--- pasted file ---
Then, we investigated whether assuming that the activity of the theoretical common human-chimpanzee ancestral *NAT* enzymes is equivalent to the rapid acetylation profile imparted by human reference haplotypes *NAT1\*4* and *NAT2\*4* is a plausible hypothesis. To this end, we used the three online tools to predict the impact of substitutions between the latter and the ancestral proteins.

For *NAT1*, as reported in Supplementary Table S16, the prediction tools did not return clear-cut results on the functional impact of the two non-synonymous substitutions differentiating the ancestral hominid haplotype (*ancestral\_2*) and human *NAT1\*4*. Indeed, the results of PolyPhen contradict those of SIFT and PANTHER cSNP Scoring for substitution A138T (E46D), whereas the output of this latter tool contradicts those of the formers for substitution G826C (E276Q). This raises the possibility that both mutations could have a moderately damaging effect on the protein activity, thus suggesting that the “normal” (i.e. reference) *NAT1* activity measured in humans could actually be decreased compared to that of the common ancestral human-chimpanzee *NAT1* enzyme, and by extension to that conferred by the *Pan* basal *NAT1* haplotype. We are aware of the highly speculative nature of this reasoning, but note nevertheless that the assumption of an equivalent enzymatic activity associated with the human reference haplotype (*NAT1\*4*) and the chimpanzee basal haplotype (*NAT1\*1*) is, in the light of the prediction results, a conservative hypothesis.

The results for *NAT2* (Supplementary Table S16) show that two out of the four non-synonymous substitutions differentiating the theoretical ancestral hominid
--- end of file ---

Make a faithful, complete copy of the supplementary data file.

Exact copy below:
Then, we investigated whether assuming that the activity of the theoretical common human-chimpanzee ancestral *NAT* enzymes is equivalent to the rapid acetylation profile imparted by human reference haplotypes *NAT1\*4* and *NAT2\*4* is a plausible hypothesis. To this end, we used the three online tools to predict the impact of substitutions between the latter and the ancestral proteins.

For *NAT1*, as reported in Supplementary Table S16, the prediction tools did not return clear-cut results on the functional impact of the two non-synonymous substitutions differentiating the ancestral hominid haplotype (*ancestral\_2*) and human *NAT1\*4*. Indeed, the results of PolyPhen contradict those of SIFT and PANTHER cSNP Scoring for substitution A138T (E46D), whereas the output of this latter tool contradicts those of the formers for substitution G826C (E276Q). This raises the possibility that both mutations could have a moderately damaging effect on the protein activity, thus suggesting that the “normal” (i.e. reference) *NAT1* activity measured in humans could actually be decreased compared to that of the common ancestral human-chimpanzee *NAT1* enzyme, and by extension to that conferred by the *Pan* basal *NAT1* haplotype. We are aware of the highly speculative nature of this reasoning, but note nevertheless that the assumption of an equivalent enzymatic activity associated with the human reference haplotype (*NAT1\*4*) and the chimpanzee basal haplotype (*NAT1\*1*) is, in the light of the prediction results, a conservative hypothesis.

The results for *NAT2* (Supplementary Table S16) show that two out of the four non-synonymous substitutions differentiating the theoretical ancestral hominid